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Column: Pence pitches conservatism, Reagan style


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INDIANAPOLIS — Near the end of his first State of the State Address, Indiana Gov. Mike Pence was supposed to deliver a tribute to the patron saint of modern conservatives, Ronald Reagan.

But, perhaps because his speech Tuesday night was running a bit long, Pence dropped the paragraphs that referred to Reagan’s speech before the Indiana General Assembly more than 30 years ago.

Then again, Pence might have decided that those paragraphs weren’t necessary because his entire speech paid homage to the late president.

If the governor’s speech had a theme, it was that Reagan’s brand of smiling conservatism could be updated to replace the angry face that many Republicans tend to show these days. Pence paid tribute to teachers, to farmers, to veterans, to students, to entrepreneurs, to legislators and to ordinary citizens. He said at the beginning of his speech that he was honored to be the governor “of all of the people of the state of Indiana,” and he stopped just short of listing every one of them.

Pence’s address had all the familiar Reagan-like touches — the stretched-out “wellllls” and clipped “nows” at the beginning of sentences, the pauses for emphasis to show deep feeling and the tributes to ordinary people who have done great things and just happen to be attending the speech.

Like Reagan, Pence hit his marks. He began speaking at 7:03 p.m. and stopped a little more than 90 seconds before the statewide broadcast was supposed to end — just in time for the cameras to grab shots of him smiling and shaking hands with Indiana legislators before the TV stations carrying the address went back to regular programming. Along the way, applause interrupted him more than 25 times, including three brief standing ovations for the ordinary heroes he identified in the gallery.

And, like Reagan, the folksy touches had a focus. Political speeches are performances with a purpose. Pence had a program to sell Jan. 15 to a group of lawmakers who are not inclined to accept direction from the state’s new governor.

At the heart of that program is a campaign pledge that Pence made to cut Hoosiers’ personal income taxes by 10 percent. Leading up to the speech, the enthusiasm with which Indiana legislators have greeted Pence’s proposal has been underwhelming.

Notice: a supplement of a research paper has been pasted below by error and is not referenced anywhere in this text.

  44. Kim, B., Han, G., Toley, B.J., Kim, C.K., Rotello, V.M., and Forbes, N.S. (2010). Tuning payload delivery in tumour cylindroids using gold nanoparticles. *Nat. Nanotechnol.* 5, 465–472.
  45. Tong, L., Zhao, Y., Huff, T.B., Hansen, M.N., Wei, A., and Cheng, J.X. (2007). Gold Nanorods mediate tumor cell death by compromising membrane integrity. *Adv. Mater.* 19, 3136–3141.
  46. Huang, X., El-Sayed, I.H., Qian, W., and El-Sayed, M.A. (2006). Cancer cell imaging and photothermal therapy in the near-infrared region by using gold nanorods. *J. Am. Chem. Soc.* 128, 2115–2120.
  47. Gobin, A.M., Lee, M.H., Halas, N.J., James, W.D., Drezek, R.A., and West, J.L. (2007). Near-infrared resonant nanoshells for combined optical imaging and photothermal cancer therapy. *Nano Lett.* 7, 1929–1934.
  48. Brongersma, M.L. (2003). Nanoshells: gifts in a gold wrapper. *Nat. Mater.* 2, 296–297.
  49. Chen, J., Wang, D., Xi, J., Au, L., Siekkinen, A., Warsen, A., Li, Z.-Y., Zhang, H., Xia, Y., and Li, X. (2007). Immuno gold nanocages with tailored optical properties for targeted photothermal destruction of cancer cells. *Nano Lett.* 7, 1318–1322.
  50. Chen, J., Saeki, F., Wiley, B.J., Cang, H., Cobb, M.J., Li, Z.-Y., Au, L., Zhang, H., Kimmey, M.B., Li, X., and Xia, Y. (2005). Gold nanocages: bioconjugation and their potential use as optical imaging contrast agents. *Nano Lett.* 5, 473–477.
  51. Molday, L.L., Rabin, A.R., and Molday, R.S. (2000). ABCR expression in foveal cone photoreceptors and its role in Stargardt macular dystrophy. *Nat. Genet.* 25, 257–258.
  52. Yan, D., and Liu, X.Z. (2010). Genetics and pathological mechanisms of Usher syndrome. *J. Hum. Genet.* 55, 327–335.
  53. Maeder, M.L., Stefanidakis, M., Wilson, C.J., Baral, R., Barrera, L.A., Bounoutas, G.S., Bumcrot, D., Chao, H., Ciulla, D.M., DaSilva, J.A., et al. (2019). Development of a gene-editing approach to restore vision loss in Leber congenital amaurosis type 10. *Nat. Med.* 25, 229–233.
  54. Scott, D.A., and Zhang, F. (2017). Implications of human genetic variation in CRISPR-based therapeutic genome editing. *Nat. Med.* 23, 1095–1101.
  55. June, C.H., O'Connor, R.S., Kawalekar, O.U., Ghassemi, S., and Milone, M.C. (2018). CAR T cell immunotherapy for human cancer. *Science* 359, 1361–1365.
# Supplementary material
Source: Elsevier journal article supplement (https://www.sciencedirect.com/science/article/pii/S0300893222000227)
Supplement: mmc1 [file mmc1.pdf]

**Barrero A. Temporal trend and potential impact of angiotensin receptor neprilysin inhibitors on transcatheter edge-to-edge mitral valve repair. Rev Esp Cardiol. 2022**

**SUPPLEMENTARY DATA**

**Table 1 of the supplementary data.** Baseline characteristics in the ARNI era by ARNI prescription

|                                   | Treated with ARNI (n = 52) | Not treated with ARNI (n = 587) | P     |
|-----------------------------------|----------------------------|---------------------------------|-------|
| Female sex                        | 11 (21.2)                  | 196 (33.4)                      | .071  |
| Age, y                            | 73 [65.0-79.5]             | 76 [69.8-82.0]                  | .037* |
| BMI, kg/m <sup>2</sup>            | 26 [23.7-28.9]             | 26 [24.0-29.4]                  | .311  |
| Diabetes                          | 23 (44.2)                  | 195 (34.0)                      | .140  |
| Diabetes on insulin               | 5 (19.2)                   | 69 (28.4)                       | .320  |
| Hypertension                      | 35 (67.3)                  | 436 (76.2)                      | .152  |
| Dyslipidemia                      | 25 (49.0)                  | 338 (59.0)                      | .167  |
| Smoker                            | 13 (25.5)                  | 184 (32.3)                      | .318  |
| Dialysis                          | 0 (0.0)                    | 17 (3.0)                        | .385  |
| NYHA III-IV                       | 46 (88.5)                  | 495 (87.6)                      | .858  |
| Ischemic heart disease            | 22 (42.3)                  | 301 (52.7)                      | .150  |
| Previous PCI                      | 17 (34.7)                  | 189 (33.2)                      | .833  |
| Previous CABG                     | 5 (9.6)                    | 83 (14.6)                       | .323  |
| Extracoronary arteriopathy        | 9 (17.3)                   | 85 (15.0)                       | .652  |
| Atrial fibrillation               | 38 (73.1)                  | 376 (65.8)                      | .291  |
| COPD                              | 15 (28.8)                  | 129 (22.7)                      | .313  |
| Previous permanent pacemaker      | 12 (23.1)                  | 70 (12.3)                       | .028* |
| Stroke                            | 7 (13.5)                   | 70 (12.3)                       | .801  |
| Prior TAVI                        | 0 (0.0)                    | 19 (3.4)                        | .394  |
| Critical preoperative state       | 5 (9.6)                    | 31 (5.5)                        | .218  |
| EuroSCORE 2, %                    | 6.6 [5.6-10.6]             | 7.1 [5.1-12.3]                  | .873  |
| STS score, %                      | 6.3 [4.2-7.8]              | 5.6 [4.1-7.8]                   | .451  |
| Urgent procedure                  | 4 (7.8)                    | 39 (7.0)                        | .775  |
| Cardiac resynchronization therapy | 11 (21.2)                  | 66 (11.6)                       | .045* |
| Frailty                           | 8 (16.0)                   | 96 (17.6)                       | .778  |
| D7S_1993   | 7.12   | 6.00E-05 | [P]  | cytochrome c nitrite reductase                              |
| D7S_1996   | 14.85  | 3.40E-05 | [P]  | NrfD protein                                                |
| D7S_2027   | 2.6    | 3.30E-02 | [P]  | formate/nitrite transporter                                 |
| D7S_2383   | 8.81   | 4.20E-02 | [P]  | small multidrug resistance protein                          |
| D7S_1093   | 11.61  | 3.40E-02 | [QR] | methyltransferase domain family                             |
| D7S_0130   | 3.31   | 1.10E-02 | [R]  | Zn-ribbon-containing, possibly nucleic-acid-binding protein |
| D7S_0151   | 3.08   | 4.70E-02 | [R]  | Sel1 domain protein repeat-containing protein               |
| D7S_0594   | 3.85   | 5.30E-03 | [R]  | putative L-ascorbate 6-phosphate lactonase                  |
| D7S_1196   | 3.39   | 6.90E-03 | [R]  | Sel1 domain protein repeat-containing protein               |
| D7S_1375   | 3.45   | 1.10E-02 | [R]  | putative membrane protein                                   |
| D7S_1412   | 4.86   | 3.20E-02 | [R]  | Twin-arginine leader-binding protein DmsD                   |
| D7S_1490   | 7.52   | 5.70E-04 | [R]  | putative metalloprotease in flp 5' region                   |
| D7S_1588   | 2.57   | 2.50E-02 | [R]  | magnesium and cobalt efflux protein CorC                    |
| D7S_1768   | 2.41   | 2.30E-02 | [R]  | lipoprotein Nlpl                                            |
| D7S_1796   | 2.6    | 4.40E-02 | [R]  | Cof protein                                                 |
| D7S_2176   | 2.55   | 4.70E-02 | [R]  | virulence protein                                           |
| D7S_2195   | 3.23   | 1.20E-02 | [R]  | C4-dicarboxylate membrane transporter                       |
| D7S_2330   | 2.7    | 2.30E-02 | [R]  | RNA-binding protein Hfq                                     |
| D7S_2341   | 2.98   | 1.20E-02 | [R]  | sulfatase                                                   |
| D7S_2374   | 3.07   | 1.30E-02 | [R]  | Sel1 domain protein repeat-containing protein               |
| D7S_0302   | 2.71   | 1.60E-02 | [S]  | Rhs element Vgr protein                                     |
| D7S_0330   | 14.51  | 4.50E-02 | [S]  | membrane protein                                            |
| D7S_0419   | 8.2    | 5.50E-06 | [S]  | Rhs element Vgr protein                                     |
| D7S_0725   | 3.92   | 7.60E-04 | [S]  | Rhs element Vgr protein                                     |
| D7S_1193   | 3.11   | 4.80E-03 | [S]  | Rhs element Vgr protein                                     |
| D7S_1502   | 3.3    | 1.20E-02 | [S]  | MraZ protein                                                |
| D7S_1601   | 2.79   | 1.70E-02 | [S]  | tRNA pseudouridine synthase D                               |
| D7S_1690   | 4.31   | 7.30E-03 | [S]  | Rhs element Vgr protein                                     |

Just before the speech, I talked with a legislative leader who said, off-the-record, that he was dubious about the governor’s tax-cut plan. If the goal of the personal income tax cut was to stimulate job growth, the lawmaker said there were better ways featuring better tax cuts to do that.

During the speech, Pence pushed the tax cut hard. He made the case for the cut as a point of principle.

“You know, Hoosiers work hard. They labor in a fragile economy. They save and invest in their families and businesses and family farms,” the governor said, ad-libbing from his written text with more head shrugs and other Reagan-like touches.

Then he paused for emphasis and leaned into the clinching sentence.

“Why wouldn’t we want to let them keep more of what they earn?”

When Reagan made use of such touches, he did so with the aim of taking the discussion to the public in order to get citizens to put pressure on Congress.

It will be interesting to see if Pence is able to do that, because the initial response from lawmakers wasn’t particularly encouraging.

I ran into Indiana House Speaker Brian Bosma, R-Indianapolis, moments after Pence stopped talking. I asked Bosma what he thought of Pence’s speech.

“It was great,” Bosma said with a smile.

Then I asked the money question: Had the governor sold him on the personal income tax cut?

The House speaker smiled again and shook his head.

“Not today,” Bosma said. “But we’ve got a long time to talk about it.”

That conversation, doubtless, will be fascinating as it unfolds during this session of the Indiana General Assembly, particularly because a famous ghost of the GOP will be hovering over it.

Ronald Reagan once famously asked Republicans to “win one more for the Gipper,” a reference to Reagan’s most famous movie role as doomed Notre Dame football hero George Gipp.

Jan. 15, Mike Pence turned that request around and asked the late Gipper to win one more for Indiana’s new governor.

John Krull is director of Franklin College’s Pulliam School of Journalism, host of “No Limits” WFYI 90.1 FM Indianapolis and executive editor of TheStatehouseFile.com, a news website powered by Franklin College journalism students.

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